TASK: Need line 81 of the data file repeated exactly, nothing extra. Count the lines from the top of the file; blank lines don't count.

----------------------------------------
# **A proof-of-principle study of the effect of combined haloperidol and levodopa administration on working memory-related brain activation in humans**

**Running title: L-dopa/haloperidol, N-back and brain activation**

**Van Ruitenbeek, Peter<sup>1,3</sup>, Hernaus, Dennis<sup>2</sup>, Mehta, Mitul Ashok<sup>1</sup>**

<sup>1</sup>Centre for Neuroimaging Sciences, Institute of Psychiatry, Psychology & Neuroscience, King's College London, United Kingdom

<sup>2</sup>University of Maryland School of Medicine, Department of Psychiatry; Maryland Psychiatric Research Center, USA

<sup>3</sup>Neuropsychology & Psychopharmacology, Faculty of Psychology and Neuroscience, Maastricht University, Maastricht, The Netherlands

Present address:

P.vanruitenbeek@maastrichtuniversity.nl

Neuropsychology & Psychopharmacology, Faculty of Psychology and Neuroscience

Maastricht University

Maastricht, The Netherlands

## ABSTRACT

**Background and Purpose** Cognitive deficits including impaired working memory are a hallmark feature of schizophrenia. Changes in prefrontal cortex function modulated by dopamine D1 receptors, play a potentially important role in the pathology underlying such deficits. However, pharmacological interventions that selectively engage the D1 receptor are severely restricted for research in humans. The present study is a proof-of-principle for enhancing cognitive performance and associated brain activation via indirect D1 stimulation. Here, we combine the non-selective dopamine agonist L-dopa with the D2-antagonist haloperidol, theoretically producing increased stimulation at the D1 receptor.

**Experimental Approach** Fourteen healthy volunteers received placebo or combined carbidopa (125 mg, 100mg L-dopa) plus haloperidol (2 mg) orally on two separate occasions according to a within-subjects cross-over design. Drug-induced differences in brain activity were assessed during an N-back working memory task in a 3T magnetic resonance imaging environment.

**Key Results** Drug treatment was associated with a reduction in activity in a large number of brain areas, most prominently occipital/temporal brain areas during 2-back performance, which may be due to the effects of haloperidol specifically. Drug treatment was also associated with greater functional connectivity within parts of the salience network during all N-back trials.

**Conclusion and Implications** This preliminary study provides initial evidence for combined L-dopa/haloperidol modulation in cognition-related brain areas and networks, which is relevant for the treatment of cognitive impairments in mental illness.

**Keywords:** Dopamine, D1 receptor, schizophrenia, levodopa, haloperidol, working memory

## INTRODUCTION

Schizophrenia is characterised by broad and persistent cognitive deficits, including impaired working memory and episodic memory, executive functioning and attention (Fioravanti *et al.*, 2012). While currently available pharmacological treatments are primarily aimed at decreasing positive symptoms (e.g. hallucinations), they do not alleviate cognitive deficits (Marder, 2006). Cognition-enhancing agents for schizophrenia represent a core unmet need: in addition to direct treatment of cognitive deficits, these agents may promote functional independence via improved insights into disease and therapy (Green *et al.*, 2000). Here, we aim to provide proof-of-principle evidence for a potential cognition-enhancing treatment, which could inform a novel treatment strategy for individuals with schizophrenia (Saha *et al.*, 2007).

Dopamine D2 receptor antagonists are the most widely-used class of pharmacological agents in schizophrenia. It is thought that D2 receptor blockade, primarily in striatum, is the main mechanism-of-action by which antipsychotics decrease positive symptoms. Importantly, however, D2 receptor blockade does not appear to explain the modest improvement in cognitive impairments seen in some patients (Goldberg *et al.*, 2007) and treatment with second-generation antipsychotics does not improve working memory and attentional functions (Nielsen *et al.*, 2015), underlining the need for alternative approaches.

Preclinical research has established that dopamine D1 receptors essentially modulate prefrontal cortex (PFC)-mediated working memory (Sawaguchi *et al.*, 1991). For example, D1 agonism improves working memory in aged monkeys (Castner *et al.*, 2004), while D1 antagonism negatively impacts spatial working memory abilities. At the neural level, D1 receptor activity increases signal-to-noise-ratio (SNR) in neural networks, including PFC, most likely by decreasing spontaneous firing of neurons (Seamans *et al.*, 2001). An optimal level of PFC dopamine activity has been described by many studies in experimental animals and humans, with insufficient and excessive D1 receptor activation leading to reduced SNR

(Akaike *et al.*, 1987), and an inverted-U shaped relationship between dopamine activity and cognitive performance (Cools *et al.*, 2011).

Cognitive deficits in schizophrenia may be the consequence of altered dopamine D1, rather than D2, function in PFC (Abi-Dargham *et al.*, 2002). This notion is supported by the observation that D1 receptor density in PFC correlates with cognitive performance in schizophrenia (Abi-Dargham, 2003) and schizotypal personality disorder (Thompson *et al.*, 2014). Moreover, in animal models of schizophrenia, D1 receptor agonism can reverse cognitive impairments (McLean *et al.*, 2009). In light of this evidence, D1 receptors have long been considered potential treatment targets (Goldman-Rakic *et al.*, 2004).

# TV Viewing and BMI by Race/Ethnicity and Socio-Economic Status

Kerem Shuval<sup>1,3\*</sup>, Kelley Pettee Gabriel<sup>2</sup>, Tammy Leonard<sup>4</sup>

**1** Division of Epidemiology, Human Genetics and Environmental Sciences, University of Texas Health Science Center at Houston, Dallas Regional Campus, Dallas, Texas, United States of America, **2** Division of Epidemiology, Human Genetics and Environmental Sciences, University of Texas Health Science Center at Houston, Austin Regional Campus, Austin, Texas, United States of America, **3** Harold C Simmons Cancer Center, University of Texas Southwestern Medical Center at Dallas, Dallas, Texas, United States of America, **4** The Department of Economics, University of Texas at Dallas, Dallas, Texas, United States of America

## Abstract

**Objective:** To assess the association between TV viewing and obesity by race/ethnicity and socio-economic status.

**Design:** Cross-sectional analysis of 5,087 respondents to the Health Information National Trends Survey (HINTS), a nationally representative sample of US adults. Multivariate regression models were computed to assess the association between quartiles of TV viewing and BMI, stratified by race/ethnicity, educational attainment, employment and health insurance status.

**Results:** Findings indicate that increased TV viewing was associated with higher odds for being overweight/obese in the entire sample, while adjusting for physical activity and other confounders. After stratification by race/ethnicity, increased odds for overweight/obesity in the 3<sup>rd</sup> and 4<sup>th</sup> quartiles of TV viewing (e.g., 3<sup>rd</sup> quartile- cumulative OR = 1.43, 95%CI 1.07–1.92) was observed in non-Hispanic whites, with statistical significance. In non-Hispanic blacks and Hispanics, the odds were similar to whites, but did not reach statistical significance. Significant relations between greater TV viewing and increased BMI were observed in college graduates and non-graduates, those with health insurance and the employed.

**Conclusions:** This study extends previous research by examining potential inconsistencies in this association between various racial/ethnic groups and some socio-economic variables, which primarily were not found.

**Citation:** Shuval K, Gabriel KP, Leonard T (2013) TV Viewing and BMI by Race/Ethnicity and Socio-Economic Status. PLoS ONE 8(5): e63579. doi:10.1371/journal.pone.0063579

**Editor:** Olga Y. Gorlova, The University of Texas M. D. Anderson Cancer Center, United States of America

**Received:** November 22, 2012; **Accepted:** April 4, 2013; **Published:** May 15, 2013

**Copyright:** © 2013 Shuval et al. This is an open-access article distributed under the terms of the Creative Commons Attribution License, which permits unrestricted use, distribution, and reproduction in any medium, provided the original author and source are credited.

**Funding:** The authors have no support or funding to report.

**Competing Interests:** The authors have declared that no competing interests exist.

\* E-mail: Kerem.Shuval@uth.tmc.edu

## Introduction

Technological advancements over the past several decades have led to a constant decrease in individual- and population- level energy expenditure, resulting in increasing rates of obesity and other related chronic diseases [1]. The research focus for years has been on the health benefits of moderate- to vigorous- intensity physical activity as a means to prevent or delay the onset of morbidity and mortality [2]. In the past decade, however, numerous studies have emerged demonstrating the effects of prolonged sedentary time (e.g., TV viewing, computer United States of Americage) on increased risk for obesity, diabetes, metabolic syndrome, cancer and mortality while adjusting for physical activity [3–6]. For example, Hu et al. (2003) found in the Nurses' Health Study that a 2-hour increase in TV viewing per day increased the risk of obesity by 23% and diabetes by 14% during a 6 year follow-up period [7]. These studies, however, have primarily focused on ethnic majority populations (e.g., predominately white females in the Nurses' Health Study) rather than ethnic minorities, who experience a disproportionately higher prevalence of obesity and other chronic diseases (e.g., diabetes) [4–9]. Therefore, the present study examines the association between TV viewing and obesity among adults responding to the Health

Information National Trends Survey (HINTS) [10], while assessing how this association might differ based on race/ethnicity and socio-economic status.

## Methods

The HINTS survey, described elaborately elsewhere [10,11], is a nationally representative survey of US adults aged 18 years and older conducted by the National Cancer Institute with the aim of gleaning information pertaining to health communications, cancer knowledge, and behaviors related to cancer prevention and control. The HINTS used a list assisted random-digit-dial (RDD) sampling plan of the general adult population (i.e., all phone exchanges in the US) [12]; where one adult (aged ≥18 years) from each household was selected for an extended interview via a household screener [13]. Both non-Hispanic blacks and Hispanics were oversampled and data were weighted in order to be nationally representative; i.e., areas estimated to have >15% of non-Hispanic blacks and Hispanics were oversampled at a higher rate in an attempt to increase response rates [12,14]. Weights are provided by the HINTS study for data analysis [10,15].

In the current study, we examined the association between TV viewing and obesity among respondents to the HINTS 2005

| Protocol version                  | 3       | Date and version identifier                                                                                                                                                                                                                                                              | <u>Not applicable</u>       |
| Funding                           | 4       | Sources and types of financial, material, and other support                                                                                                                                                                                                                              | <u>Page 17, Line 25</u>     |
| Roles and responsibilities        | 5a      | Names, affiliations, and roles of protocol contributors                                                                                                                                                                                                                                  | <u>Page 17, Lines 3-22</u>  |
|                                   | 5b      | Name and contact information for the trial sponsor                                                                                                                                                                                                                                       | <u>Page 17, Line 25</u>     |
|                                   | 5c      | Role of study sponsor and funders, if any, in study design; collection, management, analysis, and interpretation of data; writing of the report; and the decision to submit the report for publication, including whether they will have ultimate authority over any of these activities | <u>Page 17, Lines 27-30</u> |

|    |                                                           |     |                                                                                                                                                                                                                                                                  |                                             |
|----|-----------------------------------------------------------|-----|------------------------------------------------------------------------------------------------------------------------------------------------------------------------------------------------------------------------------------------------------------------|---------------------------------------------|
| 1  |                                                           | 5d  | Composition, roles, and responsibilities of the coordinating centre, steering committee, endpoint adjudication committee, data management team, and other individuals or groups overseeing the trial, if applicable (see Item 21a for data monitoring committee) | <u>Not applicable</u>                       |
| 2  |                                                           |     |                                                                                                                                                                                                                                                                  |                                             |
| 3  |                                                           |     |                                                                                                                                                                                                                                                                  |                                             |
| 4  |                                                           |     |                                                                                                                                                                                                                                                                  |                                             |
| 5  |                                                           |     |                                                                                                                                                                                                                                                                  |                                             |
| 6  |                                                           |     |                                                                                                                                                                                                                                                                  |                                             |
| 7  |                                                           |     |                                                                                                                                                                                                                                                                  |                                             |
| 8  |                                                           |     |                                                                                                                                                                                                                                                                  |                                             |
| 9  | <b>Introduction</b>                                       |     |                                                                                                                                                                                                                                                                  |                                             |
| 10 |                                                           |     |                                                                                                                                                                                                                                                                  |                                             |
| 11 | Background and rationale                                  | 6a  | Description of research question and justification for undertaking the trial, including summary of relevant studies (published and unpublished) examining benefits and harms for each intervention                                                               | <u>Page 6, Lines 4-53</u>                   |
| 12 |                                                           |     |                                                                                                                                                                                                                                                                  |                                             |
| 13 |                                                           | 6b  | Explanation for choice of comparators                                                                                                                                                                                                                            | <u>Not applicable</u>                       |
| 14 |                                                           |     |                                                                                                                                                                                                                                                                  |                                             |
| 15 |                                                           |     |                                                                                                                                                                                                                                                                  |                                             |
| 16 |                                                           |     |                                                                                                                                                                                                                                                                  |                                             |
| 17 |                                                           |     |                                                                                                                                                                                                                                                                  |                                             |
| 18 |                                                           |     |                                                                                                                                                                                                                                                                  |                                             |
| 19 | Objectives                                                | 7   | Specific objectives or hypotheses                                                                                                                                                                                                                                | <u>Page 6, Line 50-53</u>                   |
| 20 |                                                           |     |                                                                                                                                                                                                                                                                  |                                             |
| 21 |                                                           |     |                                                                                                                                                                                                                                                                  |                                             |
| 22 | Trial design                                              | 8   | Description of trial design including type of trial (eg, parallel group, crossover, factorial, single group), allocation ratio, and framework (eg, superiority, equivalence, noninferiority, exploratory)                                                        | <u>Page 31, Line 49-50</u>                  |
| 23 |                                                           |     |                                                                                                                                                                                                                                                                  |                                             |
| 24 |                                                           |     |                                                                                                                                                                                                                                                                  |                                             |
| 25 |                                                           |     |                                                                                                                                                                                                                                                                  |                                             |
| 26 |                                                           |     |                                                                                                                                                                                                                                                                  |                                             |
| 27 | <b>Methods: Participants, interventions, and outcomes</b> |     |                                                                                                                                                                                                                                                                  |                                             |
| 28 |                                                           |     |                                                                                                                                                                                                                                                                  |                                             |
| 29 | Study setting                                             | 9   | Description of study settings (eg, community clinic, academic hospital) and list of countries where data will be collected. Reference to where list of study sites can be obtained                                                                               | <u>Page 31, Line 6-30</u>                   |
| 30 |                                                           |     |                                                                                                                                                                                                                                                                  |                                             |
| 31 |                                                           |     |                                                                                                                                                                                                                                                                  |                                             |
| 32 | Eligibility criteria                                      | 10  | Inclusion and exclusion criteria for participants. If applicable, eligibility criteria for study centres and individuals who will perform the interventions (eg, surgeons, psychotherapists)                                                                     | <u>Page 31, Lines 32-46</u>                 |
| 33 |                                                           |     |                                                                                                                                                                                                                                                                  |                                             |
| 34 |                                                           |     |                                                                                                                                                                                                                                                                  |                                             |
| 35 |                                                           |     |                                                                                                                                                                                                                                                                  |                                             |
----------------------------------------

| 30 |                                                           |     |                                                                                                                                                                                                                                                                  |                                             |